Many of Testo’s other works use sequencing to transcend the confines of the picture plane. This is an appealing and effective method, and it combines well with her almost cartoonlike style. One of these pieces, Ascension, is a vertical stack of six square compositions that work their way up from earthy sensuality to flying-apart freedom. Another, titled Wedged, is a detailed ink study on three panels framed together that describe but do not demystify some of Testo’s archetypes.

Englander possesses greater ambition, but in the process gives an equal measure of increased frustration. A voracious acquirer of styles and techniques, she has yet to settle on one that feels just right, a restless habit that for many years has given me trouble as a viewer. It has never been clear to me where Englander is going, though her urgency in working like a demon to get there is apparent enough.

In the 12 pieces presented here, all dated 2002, there is considerable experimentation across media and imagery, but the core of the work is made up of six watercolor collages with dresses as their subject. Englander aims to use the article of clothing as a symbol of “female vulnerability and stereotype” but also celebrates and explores its function as a mask or enhancement of the real woman or girl inside it.

One senses in this work Englander’s nostalgia, self-consciousness (particularly her concern for the aging process), and a desire for storytelling. By using a variety of handmade papers to create the dress shapes, she evokes a delicate rendition of playing with paper dolls while reveling in the joy of creation and memory.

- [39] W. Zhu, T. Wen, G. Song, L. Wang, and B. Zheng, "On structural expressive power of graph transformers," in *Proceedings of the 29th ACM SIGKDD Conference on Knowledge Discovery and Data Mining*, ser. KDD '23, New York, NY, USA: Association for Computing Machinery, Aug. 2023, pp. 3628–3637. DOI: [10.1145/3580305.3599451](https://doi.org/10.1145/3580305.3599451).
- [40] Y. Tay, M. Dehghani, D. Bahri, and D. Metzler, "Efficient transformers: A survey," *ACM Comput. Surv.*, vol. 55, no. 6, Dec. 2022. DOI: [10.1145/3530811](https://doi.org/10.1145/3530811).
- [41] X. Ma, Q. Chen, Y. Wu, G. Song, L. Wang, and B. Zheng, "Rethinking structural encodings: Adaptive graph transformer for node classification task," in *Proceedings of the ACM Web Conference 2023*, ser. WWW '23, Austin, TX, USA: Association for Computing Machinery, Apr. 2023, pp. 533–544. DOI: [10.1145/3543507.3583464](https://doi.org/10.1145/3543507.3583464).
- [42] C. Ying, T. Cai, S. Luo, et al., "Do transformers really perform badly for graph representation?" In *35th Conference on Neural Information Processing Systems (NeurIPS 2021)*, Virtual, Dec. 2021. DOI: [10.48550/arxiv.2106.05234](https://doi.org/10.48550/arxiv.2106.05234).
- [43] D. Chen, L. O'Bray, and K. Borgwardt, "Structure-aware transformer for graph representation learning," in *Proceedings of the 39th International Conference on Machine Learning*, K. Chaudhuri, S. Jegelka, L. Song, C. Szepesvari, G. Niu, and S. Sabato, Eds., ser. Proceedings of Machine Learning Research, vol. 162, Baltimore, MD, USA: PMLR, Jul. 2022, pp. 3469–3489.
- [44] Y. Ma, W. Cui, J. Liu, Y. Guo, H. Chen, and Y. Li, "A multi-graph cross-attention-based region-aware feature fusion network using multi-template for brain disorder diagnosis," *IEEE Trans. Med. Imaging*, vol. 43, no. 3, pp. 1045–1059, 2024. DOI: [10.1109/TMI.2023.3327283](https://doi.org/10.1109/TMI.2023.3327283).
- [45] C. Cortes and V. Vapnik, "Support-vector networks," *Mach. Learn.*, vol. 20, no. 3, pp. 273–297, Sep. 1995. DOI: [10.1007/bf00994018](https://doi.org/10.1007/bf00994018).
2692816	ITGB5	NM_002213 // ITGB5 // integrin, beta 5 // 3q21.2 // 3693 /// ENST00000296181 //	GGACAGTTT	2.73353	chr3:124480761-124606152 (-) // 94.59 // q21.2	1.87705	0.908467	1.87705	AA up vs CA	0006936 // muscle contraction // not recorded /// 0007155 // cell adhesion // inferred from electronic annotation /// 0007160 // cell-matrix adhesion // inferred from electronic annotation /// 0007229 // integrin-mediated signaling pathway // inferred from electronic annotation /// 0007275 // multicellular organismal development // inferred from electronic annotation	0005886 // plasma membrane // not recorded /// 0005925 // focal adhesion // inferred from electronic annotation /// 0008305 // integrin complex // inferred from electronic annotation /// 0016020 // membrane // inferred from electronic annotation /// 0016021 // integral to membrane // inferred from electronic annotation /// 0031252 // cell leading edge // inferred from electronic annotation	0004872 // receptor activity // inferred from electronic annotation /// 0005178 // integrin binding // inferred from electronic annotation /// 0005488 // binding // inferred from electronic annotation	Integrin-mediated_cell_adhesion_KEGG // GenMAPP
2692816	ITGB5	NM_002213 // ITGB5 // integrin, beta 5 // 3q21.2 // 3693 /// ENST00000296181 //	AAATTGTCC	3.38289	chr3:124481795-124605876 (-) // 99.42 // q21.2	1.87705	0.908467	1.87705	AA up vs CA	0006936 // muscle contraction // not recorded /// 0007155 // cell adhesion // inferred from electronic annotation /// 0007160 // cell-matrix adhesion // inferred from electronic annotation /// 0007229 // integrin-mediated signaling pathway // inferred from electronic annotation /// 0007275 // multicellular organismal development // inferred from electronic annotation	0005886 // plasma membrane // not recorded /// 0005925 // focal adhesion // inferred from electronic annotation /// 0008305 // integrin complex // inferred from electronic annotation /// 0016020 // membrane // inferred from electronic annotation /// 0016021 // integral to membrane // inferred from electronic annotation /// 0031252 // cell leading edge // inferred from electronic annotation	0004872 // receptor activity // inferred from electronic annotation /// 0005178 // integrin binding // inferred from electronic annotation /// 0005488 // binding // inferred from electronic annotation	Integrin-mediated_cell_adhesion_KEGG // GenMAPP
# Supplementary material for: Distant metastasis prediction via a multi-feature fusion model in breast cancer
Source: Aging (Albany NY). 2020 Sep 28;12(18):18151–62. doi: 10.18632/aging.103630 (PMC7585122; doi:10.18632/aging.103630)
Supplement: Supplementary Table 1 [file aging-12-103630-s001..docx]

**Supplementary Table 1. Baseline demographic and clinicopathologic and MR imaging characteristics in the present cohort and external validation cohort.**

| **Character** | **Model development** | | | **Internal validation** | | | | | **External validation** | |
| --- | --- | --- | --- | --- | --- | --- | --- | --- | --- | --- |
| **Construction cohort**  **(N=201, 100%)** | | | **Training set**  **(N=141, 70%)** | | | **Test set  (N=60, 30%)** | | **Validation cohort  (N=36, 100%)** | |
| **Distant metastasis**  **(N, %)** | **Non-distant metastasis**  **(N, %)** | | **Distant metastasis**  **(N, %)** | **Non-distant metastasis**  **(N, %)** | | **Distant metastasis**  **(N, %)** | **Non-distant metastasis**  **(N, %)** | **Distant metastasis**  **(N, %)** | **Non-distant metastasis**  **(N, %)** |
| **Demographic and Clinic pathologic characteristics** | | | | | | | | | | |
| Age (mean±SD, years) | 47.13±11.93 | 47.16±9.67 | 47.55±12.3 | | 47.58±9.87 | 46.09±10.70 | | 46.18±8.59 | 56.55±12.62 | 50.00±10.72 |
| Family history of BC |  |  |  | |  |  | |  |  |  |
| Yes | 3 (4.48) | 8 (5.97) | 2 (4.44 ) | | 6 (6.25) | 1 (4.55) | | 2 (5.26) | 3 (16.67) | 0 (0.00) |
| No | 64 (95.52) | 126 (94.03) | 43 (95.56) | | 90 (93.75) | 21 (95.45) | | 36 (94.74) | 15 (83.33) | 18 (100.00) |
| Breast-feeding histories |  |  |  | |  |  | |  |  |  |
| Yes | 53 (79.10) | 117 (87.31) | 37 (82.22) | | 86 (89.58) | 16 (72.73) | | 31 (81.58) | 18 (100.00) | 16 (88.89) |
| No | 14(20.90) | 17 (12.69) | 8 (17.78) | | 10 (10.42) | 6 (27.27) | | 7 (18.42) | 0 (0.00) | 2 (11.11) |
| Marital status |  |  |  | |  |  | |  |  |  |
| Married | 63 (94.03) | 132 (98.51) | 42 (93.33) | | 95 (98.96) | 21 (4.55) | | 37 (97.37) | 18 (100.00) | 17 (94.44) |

The pieces are lovely—but I don’t feel they live up to the challenge of breaking through stereotypes or redefining femininity that Englander’s statement implies. Instead, like the dresses they depict, these creations remain relatively superficial—they seem to be about how things look and feel.

So, what’s wrong with that? If a work of art captures color, texture, feeling in a way that’s new or unique or deeply sensed, it succeeds in ways that art is meant to succeed. Sometimes, describing the surface, in all its nuance and complexity, is all you need to do.

Englander is a skilled observer and explorer. Her works are sensitive and subtle, favoring a pastel and earth-tone palette that speaks of nature and, with a little silver and neon pink thrown in, of human nature. But they’re sweet—not cloying—so one misses the expected irony.

A taste of this bitterness can be found, however, in some of her other works shown here, mainly watercolors with ink, in which Englander reveals her knack for social satire. Cellnet Dress and Rube Goldberg Variation I evoke the style of the great New Yorker cartoonist Saul Steinberg; Body Language leans, wickedly, more toward William Steig. Bodice I and Bodice II get a bit kinky, then reappear, transformed, in an inkjet montage that features a portrait of Frida Kahlo.

And here, in the tiniest piece, in the most nonspecific medium of all, is the clearest representation of Englander’s objective: to amalgamate, transform, modify, connect. I think I’m beginning to get it!

Please take note—if you’re planning to see this show, there isn’t much time, as it ends on Monday (May 26).